Amplifiers: To Meet Needs, Learn About Linearity, Gain

Amplifiers: To Meet Needs, Learn About Linearity, Gain

Designed to inherently work better at some frequencies than others, there is no power amplifier that is perfect for every application.

There is so much that can be said about power amplifiers that entire books have been written about them.

According to attributes, power amplifiers are classified alphabetically, usually A through D, or more specifically Class A through Class D.

Without being cognizant of it, we encounter amplifiers in every area of our lives. For example, there are power amplifiers in hearing aids and laptop computers, the mp3 player and/or radio in your car, guitar amps, keyboard amps - they all operate on the same basic principles.

Let's discuss the basics of power amplifiers for live sound reinforcement for worship, which are the very same used in secular concert sound systems. My hope is that, after reading this article, you will be able to make an informed decision when considering a power amplifier purchase for your house of worship.

Converting low-level audio into audio strong enough to move loudspeaker cones or drivers, power amplifiers have been a necessary component in the signal chain for almost as long as audio systems have been in existence.

Power amplifiers are an electronic component that convert a small electric current into a larger one. That electric current is commonly referred to as the signal. The measurement of that output signal is called the gain or gain factor, and most often referenced in decibels (specifically 10 times the logarithm of the output power divided by the input power).

Power amplifiers are designed to inherently work better at some frequencies than others, and no power amplifier is perfect for every application. While choosing a power amplifier for your application, there's usually a trade off on one particular attribute or another. Some power amplifiers are better at delivering gain (or boost of signal), while some are better at linearity (how closely the output matched the input, often also referred to as "fidelity"), or efficiency (how much power is wasted in the amplification process).

According to attributes, power amplifiers are classified alphabetically, usually A through D, or more specifically Class A through Class D, indicating whether an amplifier is optimized for efficiency, linearity or a compromise between the two. Class A power amplifiers provide the best output quality (the best linearity), but tend to be inefficient, heavy, large, run hot, and are power hungry. Class B power amplifiers offer less linearity, but are less expensive, operate at a lower temperature, and are more efficient. Class AB, as you might imagine, offer an output quality of a Class A and the efficiency of a Class B.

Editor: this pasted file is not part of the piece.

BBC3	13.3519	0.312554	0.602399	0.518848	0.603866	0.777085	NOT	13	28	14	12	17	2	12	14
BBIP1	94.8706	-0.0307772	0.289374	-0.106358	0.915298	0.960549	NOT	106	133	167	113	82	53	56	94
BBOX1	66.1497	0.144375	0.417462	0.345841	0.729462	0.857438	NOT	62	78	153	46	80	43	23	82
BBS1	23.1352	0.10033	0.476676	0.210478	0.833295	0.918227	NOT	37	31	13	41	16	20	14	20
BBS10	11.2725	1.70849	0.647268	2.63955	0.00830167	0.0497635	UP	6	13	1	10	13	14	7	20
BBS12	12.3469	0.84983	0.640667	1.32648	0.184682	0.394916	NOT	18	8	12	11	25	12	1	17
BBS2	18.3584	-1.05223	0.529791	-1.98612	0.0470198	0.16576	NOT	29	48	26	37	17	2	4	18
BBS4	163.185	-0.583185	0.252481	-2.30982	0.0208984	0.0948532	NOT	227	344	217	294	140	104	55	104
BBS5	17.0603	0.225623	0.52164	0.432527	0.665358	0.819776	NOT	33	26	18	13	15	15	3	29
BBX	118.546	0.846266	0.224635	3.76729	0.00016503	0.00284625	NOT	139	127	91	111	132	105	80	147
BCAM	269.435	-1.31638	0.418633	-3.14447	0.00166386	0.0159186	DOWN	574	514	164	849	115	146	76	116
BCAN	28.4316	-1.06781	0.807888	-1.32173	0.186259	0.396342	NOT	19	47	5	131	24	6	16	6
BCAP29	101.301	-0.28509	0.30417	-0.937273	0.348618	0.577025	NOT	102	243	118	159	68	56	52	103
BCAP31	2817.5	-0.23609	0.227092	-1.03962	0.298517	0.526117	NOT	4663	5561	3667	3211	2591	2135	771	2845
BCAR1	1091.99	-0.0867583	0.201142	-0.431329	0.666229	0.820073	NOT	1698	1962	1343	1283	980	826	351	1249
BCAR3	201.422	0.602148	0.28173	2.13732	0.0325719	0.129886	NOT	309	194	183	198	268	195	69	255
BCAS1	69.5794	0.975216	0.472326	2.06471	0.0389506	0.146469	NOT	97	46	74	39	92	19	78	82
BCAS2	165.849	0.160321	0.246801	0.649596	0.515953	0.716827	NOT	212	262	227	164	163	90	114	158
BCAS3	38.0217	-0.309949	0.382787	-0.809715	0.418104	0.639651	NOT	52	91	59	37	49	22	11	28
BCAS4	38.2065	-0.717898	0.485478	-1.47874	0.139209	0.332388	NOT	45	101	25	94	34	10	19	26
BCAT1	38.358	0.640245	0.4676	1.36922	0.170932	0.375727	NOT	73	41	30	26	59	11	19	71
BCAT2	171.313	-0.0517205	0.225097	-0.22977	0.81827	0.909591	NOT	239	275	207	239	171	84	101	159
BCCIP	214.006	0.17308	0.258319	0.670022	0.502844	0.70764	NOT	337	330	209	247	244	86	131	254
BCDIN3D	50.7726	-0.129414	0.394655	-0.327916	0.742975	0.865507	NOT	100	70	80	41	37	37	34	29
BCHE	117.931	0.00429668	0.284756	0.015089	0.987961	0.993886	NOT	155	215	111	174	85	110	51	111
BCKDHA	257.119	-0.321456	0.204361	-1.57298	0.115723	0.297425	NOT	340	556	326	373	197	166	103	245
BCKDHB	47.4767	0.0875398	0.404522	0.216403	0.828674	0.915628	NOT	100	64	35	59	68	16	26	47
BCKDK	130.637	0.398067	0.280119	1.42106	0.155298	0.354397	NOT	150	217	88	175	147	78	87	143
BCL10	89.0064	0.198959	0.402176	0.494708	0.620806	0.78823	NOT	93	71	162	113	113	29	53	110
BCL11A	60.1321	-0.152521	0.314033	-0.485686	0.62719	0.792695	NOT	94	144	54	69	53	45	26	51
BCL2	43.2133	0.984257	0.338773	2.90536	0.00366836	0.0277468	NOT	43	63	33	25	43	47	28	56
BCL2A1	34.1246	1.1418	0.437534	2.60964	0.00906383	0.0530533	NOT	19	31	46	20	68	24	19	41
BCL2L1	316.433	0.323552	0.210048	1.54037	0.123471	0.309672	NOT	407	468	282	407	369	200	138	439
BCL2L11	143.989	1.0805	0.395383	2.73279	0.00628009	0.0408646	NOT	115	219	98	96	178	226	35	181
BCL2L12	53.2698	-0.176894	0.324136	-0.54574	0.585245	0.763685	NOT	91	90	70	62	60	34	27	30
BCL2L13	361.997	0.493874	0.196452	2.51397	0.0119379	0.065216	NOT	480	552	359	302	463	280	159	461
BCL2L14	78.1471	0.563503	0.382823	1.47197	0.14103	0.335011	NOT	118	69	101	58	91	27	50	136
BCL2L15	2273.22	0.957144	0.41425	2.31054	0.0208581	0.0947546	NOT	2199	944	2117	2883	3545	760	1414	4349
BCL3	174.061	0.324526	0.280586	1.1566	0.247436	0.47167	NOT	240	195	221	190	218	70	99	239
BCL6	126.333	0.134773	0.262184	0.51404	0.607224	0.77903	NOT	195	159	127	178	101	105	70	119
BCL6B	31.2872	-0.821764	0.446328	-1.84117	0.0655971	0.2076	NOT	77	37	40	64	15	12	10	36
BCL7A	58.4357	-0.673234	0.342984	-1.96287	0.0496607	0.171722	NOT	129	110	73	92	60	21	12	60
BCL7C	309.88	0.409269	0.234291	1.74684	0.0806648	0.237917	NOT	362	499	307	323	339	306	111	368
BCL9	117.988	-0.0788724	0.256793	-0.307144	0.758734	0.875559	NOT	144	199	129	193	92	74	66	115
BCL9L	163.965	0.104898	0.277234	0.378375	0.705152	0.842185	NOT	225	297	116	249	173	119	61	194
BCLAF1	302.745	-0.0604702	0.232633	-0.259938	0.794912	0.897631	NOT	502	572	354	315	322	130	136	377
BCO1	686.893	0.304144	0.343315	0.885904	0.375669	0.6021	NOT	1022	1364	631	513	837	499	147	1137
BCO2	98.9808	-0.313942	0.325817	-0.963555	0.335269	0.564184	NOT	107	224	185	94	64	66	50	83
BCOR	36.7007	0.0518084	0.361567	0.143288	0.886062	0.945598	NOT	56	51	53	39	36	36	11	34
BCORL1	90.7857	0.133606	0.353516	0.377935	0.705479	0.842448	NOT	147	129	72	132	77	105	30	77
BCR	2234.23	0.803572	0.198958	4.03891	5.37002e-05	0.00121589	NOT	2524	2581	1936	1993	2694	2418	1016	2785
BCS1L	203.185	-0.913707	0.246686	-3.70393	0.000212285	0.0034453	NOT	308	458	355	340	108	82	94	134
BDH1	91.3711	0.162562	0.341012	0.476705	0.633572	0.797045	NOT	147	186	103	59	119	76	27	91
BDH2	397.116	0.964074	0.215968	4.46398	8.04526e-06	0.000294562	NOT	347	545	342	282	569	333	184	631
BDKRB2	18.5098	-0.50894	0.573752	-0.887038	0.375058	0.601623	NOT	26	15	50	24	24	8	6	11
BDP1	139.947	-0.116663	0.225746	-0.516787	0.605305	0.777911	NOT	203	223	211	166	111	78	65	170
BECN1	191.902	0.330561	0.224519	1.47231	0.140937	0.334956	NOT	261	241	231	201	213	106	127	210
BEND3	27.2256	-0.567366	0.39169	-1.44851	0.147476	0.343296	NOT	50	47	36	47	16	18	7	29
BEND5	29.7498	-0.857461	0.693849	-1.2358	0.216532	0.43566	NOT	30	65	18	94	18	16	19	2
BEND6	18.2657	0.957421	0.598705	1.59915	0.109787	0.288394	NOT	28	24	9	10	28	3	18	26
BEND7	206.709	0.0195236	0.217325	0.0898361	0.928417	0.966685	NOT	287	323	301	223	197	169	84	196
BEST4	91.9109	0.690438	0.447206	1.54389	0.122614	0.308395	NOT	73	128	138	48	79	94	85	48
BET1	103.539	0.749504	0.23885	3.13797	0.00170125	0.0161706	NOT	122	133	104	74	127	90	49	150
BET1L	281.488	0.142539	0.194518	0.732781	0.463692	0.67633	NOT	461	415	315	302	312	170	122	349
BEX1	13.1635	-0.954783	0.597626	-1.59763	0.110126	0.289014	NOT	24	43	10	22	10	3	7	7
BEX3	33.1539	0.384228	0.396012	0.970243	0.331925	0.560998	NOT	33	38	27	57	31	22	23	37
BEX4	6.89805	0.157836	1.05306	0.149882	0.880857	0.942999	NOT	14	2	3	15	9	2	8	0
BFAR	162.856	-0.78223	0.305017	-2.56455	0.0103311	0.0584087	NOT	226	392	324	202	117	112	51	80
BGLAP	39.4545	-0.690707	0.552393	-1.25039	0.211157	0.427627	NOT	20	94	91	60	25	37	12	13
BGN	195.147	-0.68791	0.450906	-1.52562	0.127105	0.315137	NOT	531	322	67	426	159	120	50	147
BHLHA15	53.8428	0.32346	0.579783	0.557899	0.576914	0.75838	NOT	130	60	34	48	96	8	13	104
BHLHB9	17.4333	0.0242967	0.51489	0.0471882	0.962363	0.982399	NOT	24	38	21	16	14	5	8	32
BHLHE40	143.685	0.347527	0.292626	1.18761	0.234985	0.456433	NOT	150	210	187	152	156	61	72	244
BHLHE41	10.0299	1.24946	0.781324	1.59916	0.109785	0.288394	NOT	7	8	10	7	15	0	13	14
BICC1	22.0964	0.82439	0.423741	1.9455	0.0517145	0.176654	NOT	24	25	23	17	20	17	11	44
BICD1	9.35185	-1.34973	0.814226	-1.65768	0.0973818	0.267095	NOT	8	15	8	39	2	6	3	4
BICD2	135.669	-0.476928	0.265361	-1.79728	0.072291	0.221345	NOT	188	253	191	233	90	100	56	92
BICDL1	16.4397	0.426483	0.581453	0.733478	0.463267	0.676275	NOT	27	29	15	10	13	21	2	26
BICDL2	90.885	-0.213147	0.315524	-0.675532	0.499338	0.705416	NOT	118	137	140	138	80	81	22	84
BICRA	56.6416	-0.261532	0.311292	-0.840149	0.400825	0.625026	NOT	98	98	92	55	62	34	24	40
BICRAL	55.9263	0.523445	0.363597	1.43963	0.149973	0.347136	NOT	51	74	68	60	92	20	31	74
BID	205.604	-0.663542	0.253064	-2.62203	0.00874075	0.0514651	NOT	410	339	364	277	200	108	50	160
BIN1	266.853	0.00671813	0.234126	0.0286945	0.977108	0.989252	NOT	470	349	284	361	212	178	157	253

Class C have higher efficiency, but the output quality is poor. Class A power amplifiers tend to deliver a more musical sound, while Class C amplifiers are better suited for speech only such as a warehouse public address system. With Class D technology, those type of amplifiers are becoming increasingly utilized, since they offer more power, with notably less weight, particularly those that are Class A.

Some of the most respected loudspeaker manufacturers have become very active in proprietary power amplifier designs. The power amplifiers designed by these brands are made to be used exclusively with specific models of their brand of loud speakers and are fully programmable. In addition, there are some loudspeaker manufacturers that have power amplifiers built into their loudspeaker enclosure. This is a very convenient design, although it does make for a very heavy loudspeaker (or floor monitor). It's extremely beneficial to have the amplifier so easily accessible for maintenance and troubleshooting, as opposed to an amp room that is set up in a remote location.

As always, I intentionally avoid mentioning any particular manufacturer, so as not to appear to endorse one amplifier manufacturer over another.

Again, I hope I've offered enough information so that an informed decision can be reached when you're in the market for an amplifier to match your loudspeakers.

Please keep in mind that there are many more aspects to consider that were not covered in this article, such as the mode in which the power amplifier will be used (bridged, to perhaps power sub woofer speakers, or not), wattage, ohms, impedance, types of connectors, etc.

The most important consideration to remember is that the power amplifier must match your loudspeaker, in that the power handling limits of the loudspeaker are not exceeded, or you will risk damaging the loudspeaker.

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